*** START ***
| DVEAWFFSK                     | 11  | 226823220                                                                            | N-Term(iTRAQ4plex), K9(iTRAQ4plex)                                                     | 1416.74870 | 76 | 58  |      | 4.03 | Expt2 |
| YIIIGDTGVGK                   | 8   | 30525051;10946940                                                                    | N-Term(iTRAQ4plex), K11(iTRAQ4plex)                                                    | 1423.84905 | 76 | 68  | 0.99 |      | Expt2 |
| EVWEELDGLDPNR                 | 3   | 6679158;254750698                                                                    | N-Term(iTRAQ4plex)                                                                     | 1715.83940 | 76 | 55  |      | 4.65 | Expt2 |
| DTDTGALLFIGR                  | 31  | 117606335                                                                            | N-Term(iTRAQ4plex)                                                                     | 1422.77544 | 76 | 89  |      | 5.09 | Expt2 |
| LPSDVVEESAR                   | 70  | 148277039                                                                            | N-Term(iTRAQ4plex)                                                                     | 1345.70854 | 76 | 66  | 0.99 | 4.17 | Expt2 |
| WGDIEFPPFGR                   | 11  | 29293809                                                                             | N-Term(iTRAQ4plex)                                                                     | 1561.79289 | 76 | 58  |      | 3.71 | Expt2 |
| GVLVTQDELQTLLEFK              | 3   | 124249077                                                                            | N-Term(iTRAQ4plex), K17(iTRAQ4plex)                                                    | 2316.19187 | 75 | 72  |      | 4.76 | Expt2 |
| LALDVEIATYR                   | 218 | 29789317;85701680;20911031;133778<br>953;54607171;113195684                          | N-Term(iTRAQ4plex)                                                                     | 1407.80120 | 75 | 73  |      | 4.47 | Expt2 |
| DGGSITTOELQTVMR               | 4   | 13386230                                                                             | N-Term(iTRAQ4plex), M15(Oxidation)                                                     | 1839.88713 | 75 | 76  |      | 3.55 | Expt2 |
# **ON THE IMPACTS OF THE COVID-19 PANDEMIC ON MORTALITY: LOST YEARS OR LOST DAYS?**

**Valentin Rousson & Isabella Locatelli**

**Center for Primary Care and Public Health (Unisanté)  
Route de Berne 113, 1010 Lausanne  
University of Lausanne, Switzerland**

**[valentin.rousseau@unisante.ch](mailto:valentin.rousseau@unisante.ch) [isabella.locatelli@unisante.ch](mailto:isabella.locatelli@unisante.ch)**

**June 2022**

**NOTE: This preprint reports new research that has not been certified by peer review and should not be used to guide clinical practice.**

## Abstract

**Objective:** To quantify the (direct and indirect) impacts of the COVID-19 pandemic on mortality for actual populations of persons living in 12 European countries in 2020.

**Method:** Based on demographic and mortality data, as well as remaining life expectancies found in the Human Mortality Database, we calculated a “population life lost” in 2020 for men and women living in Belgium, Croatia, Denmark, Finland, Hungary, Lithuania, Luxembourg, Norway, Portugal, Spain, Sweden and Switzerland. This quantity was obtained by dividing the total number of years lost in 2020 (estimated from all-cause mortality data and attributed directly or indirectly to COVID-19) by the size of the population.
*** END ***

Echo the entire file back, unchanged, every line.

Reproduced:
| DVEAWFFSK                     | 11  | 226823220                                                                            | N-Term(iTRAQ4plex), K9(iTRAQ4plex)                                                     | 1416.74870 | 76 | 58  |      | 4.03 | Expt2 |
| YIIIGDTGVGK                   | 8   | 30525051;10946940                                                                    | N-Term(iTRAQ4plex), K11(iTRAQ4plex)                                                    | 1423.84905 | 76 | 68  | 0.99 |      | Expt2 |
| EVWEELDGLDPNR                 | 3   | 6679158;254750698                                                                    | N-Term(iTRAQ4plex)                                                                     | 1715.83940 | 76 | 55  |      | 4.65 | Expt2 |
| DTDTGALLFIGR                  | 31  | 117606335                                                                            | N-Term(iTRAQ4plex)                                                                     | 1422.77544 | 76 | 89  |      | 5.09 | Expt2 |
| LPSDVVEESAR                   | 70  | 148277039                                                                            | N-Term(iTRAQ4plex)                                                                     | 1345.70854 | 76 | 66  | 0.99 | 4.17 | Expt2 |
| WGDIEFPPFGR                   | 11  | 29293809                                                                             | N-Term(iTRAQ4plex)                                                                     | 1561.79289 | 76 | 58  |      | 3.71 | Expt2 |
| GVLVTQDELQTLLEFK              | 3   | 124249077                                                                            | N-Term(iTRAQ4plex), K17(iTRAQ4plex)                                                    | 2316.19187 | 75 | 72  |      | 4.76 | Expt2 |
| LALDVEIATYR                   | 218 | 29789317;85701680;20911031;133778<br>953;54607171;113195684                          | N-Term(iTRAQ4plex)                                                                     | 1407.80120 | 75 | 73  |      | 4.47 | Expt2 |
| DGGSITTOELQTVMR               | 4   | 13386230                                                                             | N-Term(iTRAQ4plex), M15(Oxidation)                                                     | 1839.88713 | 75 | 76  |      | 3.55 | Expt2 |
# **ON THE IMPACTS OF THE COVID-19 PANDEMIC ON MORTALITY: LOST YEARS OR LOST DAYS?**

**Valentin Rousson & Isabella Locatelli**

**Center for Primary Care and Public Health (Unisanté)  
Route de Berne 113, 1010 Lausanne  
University of Lausanne, Switzerland**

**[valentin.rousseau@unisante.ch](mailto:valentin.rousseau@unisante.ch) [isabella.locatelli@unisante.ch](mailto:isabella.locatelli@unisante.ch)**

**June 2022**

**NOTE: This preprint reports new research that has not been certified by peer review and should not be used to guide clinical practice.**

## Abstract

**Objective:** To quantify the (direct and indirect) impacts of the COVID-19 pandemic on mortality for actual populations of persons living in 12 European countries in 2020.

**Method:** Based on demographic and mortality data, as well as remaining life expectancies found in the Human Mortality Database, we calculated a “population life lost” in 2020 for men and women living in Belgium, Croatia, Denmark, Finland, Hungary, Lithuania, Luxembourg, Norway, Portugal, Spain, Sweden and Switzerland. This quantity was obtained by dividing the total number of years lost in 2020 (estimated from all-cause mortality data and attributed directly or indirectly to COVID-19) by the size of the population.